June 17, 2010 Biologics-naïve Juvenile Idiopathic Arthritis (JIA) patients may have an increased risk of cancer compared with the general Swedish population, according to research presented at EULAR 2010, the Annual Congress of the European League Against Rheumatism in Rome, Italy. Results of an additional study, which researched a small cohort of patients showed an increased frequency of cancer in those receiving the biologic etanercept, however, results were deemed not statistically significant by researchers.
The results of a population-based Swedish cohort study found that the incidence of cancer among paediatric patients with JIA identified during the last 40 years was comparable to that seen in the general population, (0.5 vs. 0.4 cases per 1000 person years, Relative Risk (RR)=1.1, 95%CI 0.9-1.5). Subset analyses however indicated that subjects diagnosed with JIA since 1987 (the year that the Swedish patient registry attained nationwide coverage) were at elevated risk of developing cancer (RR=2.3, 95%CI 1.2-4.4, 13 JIA cancers vs. 30 in comparator), attributed to an increased occurrence of cancers of the lymphatic system (RR=4.2, 95%CI 1.7-10.7, 8 cancers in JIA vs. 10 in comparator).
"These results are intriguing and suggest that in the past 20 years, patients with JIA not treated with biological therapies appear to have an elevated risk of cancer compared with the general population," said lead author of the study Dr. Julia Simard, Clinical Epidemiology Unit, Karolinska Institute, Stockholm, Sweden. "The results of our study indicate that evaluation of cancer risks with biologics in paediatric populations need to factor in differences in incidence of cancer between these patients and the general population. From a clinical point of view, it should be remembered that although we noted an increased risk in relative terms, the excess risks remain low in absolute terms."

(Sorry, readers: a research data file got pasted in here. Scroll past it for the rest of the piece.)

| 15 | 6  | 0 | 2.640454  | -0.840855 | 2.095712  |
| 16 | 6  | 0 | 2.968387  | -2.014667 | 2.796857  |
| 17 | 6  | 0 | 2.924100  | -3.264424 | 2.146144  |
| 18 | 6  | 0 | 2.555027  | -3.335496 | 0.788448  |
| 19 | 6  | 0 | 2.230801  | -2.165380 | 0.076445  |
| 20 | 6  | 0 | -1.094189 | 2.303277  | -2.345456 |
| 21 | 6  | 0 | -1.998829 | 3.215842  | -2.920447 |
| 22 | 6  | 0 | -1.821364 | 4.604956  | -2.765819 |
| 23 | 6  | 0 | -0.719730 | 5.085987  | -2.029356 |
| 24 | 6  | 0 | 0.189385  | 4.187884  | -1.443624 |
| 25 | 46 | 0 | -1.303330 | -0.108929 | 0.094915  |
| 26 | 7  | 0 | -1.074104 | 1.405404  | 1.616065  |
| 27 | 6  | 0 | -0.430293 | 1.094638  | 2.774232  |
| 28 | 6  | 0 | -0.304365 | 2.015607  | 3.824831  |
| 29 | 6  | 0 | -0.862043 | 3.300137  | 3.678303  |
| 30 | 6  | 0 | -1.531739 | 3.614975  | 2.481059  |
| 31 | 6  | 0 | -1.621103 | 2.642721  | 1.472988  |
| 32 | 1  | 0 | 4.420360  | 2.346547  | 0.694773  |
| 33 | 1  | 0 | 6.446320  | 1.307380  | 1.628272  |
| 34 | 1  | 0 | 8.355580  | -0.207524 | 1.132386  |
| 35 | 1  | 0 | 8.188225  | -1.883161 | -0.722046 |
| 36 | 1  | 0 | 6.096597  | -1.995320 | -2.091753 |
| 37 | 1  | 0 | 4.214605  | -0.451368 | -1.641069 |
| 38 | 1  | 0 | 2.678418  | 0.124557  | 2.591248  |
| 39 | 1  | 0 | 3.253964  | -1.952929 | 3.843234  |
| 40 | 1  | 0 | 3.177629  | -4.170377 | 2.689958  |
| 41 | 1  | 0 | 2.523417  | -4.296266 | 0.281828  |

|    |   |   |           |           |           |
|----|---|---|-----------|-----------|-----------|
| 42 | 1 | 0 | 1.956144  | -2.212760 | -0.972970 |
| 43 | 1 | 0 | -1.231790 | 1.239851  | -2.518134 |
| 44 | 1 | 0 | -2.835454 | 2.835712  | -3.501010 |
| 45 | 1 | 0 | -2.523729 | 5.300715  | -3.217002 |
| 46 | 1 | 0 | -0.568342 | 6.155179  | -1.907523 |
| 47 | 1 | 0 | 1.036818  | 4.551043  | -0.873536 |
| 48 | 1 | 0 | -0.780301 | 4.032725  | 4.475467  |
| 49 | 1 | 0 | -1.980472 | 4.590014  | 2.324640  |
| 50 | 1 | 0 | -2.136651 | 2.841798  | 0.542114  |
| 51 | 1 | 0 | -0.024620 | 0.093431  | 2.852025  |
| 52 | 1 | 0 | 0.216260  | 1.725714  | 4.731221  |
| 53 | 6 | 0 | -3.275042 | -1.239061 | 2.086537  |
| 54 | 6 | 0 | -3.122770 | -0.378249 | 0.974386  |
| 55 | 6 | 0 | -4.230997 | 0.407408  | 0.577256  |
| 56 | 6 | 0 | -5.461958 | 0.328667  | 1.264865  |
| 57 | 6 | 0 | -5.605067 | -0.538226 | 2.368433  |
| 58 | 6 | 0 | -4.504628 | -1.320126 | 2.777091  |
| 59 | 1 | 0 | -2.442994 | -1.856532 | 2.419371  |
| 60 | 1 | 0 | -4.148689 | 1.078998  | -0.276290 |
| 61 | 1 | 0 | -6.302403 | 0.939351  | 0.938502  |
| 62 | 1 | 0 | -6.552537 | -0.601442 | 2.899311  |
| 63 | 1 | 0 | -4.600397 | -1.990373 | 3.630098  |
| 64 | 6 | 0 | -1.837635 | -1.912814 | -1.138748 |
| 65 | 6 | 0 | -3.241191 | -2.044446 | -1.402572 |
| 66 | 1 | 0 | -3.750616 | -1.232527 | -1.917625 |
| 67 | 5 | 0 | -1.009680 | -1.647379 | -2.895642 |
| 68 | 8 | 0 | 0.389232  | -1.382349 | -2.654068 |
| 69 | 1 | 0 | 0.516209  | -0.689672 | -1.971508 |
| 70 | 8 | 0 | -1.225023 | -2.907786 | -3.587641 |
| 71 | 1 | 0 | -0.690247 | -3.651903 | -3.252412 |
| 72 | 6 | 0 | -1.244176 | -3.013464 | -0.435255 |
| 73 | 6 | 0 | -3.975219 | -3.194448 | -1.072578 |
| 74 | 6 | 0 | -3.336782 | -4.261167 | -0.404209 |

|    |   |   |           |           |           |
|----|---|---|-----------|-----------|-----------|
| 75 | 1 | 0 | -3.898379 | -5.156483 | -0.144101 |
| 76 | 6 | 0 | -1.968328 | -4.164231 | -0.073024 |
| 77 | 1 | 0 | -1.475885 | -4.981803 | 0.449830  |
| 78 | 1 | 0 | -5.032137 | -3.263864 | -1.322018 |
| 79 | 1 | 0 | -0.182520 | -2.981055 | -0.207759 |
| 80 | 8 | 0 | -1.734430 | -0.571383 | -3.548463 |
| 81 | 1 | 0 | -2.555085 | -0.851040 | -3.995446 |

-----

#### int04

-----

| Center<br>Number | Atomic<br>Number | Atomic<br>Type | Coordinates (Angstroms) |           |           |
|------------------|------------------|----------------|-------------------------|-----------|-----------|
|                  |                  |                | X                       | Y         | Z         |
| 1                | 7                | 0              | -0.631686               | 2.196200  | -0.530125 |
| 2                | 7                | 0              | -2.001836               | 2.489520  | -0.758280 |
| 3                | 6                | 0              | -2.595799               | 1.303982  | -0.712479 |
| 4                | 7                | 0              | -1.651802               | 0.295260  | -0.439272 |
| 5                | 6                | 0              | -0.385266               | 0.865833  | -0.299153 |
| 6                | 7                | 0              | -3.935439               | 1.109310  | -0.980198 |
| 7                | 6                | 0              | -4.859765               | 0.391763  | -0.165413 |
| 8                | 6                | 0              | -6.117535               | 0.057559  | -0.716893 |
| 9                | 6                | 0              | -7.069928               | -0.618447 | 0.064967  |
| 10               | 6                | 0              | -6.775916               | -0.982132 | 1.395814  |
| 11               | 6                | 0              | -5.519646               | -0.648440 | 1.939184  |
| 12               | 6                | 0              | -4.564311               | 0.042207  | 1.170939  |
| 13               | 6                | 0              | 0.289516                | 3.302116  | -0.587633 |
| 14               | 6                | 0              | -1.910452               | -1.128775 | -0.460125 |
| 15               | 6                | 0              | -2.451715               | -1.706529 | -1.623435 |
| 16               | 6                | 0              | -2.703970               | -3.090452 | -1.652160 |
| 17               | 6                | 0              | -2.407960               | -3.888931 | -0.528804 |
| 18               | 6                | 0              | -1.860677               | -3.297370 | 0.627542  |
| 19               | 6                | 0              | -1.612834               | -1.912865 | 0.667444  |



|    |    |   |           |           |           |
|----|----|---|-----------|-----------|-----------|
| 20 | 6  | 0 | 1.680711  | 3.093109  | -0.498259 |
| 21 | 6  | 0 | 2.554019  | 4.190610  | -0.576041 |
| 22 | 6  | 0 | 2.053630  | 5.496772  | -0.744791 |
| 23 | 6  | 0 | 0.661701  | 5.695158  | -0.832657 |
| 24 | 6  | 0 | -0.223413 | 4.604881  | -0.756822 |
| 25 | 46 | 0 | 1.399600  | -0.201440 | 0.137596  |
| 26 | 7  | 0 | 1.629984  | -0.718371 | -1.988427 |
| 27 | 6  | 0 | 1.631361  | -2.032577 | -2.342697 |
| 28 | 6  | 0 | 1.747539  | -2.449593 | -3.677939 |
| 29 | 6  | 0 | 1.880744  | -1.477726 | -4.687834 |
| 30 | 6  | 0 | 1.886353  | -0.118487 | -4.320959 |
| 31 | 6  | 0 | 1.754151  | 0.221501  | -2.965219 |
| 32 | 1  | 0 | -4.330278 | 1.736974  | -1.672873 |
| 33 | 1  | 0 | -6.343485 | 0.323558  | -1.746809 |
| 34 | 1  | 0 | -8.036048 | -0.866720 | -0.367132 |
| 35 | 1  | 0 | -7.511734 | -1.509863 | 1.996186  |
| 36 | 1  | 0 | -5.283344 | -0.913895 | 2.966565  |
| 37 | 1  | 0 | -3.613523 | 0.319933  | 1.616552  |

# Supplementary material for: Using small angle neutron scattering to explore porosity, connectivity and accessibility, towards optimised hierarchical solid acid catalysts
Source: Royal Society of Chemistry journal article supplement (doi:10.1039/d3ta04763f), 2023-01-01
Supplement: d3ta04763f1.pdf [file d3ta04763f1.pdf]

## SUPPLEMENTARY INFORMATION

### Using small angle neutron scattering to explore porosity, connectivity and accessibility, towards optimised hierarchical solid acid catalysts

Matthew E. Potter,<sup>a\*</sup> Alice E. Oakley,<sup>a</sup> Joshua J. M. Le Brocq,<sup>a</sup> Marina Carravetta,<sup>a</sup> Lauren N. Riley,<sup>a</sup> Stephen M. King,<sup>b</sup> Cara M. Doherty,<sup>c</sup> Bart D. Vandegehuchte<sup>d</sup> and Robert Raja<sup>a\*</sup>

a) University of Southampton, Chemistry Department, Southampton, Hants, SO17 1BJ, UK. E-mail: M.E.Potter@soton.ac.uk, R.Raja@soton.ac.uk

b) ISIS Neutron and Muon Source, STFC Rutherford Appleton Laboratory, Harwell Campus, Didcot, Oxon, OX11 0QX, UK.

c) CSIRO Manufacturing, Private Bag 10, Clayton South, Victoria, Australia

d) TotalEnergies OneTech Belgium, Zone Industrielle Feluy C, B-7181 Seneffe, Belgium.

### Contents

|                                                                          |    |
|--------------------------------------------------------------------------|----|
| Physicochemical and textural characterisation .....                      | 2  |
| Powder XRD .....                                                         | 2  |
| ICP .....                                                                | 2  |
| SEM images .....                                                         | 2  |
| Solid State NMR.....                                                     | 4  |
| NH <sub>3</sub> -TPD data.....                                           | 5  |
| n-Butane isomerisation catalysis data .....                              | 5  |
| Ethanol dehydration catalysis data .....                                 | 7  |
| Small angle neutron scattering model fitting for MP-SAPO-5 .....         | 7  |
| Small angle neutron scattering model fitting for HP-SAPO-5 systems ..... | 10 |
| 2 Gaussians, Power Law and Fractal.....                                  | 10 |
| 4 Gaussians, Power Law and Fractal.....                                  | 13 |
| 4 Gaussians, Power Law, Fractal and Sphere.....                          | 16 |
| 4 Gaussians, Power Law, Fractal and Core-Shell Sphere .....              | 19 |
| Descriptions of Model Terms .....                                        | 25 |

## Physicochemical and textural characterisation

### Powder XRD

The Swedish study assessed a national JIA cohort of 9,020 patients. For each JIA patient, up to five general-population comparators were identified (n=44,858). In the biologics-naïve JIA cohort, 60 cancers were observed during 131,144 person-years compared to 266 cancers during 661,758 person-years in the population comparator. Researchers noted that sensitivity analyses did not reveal an explanation for the differences seen between patients identified before and after 1987.
The results of the second study combined data on 1,721 patients treated with etanercept from three prospective JIA registries in Germany, the UK and the US. Of the 1,641 patients who qualified for the primary analysis, two cancers were reported. Whilst this yielded a rate higher than expected when compared to the general population, it was not statistically significant (RR estimated using a Standardized Incident Ratio (SIR) of 3.7 (0.5-13.4, 95%CI)). This is believed to be in part due to the low event rate. The interpretation of these findings may be further limited by the fact that the comparator rates were based on a general population and not a biologics-naïve JIA population, as per the Swedish study, which suggests this may indicate an increased underlying risk of cancer.
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